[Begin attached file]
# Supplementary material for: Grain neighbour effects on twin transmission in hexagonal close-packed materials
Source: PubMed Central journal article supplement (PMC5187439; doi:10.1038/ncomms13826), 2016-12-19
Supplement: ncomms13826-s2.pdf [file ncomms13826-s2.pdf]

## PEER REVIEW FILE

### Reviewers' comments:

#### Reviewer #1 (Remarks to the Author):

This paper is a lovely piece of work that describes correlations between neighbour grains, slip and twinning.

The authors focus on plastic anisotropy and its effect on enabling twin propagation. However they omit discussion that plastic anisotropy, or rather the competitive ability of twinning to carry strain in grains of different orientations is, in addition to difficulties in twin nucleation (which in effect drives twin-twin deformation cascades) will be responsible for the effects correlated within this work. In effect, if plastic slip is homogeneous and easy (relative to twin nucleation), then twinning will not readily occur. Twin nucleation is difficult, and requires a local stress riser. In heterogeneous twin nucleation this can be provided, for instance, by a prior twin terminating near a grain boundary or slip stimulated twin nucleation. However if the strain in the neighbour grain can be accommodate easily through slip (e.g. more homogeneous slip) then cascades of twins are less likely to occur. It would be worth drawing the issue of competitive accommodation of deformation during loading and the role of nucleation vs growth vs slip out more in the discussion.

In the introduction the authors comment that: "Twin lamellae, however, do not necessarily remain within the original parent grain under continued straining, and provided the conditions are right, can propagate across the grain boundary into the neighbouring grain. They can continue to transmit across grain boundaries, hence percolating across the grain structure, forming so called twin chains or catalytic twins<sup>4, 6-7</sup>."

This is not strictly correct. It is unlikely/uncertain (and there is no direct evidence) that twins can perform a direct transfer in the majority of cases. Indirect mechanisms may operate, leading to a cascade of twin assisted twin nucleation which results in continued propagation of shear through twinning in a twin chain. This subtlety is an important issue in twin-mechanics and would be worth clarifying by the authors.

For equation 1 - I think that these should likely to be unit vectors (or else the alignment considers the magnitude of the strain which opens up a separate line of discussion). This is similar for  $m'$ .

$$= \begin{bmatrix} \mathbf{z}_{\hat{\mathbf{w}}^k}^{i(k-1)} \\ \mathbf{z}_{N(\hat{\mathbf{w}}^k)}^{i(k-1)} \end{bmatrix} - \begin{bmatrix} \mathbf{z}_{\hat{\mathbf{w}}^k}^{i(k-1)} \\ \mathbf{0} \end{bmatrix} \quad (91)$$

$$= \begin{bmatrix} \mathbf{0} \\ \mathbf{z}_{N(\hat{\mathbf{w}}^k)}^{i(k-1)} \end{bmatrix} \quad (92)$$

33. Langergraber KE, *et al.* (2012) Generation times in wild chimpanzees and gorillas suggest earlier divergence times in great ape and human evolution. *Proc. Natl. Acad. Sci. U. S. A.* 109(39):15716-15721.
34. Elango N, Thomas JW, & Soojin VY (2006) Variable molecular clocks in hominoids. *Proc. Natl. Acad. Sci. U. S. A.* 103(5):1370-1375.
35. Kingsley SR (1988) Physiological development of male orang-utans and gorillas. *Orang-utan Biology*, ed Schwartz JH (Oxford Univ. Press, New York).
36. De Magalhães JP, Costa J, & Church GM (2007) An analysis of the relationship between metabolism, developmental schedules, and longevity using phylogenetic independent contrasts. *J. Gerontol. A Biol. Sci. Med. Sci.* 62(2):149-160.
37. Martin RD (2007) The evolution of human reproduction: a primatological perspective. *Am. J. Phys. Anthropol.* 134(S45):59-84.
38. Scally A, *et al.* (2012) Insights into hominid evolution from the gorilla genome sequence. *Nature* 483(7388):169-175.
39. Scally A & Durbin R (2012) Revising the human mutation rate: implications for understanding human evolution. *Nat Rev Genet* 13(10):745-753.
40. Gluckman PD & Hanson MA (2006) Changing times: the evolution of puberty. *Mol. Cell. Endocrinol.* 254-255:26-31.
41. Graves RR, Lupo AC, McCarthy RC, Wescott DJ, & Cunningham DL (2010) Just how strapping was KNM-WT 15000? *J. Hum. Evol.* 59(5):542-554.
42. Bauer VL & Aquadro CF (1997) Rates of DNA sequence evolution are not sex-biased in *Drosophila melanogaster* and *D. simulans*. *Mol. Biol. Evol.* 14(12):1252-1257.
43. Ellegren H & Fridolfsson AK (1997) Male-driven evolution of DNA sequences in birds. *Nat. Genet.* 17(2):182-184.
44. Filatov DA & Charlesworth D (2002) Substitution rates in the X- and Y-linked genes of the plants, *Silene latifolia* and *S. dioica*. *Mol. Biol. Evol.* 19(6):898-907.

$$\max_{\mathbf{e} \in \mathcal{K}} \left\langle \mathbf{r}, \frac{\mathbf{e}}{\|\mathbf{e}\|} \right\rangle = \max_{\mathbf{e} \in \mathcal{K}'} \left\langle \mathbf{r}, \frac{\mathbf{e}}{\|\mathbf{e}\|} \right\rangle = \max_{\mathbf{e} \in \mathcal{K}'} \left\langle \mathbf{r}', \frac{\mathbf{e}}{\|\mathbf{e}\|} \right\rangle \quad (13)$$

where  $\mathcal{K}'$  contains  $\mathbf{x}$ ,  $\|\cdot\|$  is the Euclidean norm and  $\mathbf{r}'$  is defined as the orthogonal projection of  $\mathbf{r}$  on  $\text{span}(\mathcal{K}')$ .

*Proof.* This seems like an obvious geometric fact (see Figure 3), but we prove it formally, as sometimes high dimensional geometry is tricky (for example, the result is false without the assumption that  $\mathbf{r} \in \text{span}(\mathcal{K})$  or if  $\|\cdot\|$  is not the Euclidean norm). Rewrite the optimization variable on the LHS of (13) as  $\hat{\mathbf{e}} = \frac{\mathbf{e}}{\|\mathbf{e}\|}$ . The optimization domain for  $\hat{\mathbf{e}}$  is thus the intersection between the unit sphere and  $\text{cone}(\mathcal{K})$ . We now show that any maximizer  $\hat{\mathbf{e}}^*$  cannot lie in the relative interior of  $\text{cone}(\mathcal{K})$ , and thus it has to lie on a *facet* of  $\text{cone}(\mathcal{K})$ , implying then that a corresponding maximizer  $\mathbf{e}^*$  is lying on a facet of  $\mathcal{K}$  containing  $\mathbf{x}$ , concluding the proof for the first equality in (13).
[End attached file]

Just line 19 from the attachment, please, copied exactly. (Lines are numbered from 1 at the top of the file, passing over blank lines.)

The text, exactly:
38. Scally A, *et al.* (2012) Insights into hominid evolution from the gorilla genome sequence. *Nature* 483(7388):169-175.